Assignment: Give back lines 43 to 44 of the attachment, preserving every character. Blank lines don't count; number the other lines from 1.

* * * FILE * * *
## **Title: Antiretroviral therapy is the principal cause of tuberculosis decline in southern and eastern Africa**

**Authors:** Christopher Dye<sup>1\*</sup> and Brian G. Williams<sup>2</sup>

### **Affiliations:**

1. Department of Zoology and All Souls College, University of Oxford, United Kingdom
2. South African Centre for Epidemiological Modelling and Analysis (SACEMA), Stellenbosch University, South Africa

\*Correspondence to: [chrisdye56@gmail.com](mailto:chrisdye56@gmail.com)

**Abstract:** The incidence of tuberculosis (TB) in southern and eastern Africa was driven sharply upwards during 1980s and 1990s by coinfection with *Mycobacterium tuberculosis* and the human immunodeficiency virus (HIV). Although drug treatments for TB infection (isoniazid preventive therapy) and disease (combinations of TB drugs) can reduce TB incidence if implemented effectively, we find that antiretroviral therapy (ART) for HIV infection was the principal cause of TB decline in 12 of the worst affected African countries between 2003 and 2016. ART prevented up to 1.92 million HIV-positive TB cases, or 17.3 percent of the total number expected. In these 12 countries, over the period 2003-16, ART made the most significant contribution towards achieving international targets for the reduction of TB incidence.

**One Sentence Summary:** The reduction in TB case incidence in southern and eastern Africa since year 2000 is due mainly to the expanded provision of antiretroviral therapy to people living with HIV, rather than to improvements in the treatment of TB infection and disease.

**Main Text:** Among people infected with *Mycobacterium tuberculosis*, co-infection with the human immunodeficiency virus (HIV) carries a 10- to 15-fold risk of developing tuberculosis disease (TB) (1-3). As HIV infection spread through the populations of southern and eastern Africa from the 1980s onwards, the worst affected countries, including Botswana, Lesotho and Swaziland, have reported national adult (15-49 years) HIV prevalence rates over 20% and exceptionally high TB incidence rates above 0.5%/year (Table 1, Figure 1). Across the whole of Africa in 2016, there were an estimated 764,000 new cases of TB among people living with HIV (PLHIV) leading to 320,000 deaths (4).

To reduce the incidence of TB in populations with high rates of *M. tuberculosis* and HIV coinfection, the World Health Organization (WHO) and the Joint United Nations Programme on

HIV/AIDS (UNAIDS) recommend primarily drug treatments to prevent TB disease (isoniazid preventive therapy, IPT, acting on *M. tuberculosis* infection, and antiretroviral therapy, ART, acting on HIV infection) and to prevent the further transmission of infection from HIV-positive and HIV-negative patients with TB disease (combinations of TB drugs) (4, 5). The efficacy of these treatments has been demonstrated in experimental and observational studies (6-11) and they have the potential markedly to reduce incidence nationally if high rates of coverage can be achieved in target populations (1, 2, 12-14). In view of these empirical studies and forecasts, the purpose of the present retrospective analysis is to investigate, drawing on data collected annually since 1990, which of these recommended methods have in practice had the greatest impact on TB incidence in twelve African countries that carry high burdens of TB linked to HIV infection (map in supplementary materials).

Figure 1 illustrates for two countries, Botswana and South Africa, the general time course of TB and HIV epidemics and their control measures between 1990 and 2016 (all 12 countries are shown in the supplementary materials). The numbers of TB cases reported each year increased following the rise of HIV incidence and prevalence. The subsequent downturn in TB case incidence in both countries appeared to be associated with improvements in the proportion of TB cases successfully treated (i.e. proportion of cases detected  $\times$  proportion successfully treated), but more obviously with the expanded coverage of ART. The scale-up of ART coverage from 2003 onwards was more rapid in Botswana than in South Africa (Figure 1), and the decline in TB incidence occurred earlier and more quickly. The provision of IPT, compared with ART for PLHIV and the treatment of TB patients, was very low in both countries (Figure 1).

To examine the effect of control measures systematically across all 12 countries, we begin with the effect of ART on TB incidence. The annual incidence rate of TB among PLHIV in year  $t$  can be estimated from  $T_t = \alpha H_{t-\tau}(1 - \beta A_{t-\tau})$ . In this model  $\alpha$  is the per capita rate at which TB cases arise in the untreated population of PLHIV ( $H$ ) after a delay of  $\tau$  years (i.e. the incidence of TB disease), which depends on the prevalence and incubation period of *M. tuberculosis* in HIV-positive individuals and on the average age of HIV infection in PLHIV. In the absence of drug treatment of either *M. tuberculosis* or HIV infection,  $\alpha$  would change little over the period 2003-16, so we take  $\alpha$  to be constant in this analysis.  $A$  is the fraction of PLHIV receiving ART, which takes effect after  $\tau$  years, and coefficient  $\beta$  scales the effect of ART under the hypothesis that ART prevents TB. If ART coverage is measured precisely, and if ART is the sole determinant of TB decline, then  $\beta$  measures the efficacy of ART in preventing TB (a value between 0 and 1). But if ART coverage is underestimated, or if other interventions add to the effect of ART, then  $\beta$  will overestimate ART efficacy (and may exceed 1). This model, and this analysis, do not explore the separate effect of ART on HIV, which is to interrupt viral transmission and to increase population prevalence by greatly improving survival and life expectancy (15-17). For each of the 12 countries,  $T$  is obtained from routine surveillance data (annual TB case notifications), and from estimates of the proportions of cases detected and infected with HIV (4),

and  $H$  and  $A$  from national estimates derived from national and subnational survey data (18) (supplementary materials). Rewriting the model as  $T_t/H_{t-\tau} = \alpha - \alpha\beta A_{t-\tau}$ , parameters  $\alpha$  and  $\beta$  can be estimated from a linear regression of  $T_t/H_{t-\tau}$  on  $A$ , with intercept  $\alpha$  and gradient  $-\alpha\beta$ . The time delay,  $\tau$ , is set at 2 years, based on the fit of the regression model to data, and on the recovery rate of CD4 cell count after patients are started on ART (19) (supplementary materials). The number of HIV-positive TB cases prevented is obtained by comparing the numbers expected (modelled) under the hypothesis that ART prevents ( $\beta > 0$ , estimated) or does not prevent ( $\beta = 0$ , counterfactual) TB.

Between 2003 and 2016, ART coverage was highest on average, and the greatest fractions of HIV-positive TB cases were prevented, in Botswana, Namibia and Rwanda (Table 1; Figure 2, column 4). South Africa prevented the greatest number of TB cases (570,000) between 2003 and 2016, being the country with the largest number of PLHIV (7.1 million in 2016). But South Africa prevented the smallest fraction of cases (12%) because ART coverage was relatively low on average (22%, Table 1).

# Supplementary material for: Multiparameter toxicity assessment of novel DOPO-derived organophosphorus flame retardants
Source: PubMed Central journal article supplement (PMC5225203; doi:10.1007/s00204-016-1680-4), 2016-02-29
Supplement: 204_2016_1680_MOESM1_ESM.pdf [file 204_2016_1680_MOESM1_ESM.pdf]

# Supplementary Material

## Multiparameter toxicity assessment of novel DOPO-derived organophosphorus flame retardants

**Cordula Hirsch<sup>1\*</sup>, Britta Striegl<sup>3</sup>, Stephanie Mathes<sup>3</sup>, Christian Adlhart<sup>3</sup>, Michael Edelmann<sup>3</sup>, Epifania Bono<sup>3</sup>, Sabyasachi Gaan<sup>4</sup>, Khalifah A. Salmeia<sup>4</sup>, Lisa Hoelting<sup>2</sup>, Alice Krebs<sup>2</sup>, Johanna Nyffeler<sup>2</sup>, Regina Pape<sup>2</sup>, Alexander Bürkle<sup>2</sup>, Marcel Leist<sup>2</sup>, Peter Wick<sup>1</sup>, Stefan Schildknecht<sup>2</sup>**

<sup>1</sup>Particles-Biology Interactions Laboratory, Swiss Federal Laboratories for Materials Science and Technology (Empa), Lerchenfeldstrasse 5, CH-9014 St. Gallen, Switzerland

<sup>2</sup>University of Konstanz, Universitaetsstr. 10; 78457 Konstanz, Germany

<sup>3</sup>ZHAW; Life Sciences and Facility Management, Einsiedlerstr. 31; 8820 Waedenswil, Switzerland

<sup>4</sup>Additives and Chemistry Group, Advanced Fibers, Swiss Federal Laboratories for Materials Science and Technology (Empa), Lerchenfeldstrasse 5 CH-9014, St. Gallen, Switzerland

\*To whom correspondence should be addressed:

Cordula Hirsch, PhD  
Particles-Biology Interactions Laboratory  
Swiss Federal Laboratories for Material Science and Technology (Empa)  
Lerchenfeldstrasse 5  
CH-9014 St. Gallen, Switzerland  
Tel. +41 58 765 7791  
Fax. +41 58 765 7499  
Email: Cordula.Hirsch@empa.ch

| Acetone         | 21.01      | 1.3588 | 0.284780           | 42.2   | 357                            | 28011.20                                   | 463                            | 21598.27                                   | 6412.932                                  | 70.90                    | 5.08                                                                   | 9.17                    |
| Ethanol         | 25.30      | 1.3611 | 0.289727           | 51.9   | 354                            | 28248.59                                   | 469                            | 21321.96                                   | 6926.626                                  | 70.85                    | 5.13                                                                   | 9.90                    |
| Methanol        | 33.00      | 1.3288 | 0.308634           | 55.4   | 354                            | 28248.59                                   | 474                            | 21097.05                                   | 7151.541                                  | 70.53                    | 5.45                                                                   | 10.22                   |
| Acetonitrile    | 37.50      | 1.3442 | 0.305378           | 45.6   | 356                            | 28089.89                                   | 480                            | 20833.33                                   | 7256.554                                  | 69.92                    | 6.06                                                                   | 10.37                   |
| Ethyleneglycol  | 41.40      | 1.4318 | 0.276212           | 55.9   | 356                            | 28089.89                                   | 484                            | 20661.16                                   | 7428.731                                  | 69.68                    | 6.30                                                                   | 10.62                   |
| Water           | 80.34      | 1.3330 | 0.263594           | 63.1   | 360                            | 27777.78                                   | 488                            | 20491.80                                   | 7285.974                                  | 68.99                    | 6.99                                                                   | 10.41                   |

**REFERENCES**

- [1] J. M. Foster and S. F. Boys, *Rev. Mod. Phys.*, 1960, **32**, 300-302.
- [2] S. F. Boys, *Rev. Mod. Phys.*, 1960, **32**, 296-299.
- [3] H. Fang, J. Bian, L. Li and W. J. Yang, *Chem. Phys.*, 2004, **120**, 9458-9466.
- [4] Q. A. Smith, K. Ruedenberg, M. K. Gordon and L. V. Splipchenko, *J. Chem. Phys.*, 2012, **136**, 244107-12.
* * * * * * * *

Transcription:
- [2] S. F. Boys, *Rev. Mod. Phys.*, 1960, **32**, 296-299.
- [3] H. Fang, J. Bian, L. Li and W. J. Yang, *Chem. Phys.*, 2004, **120**, 9458-9466.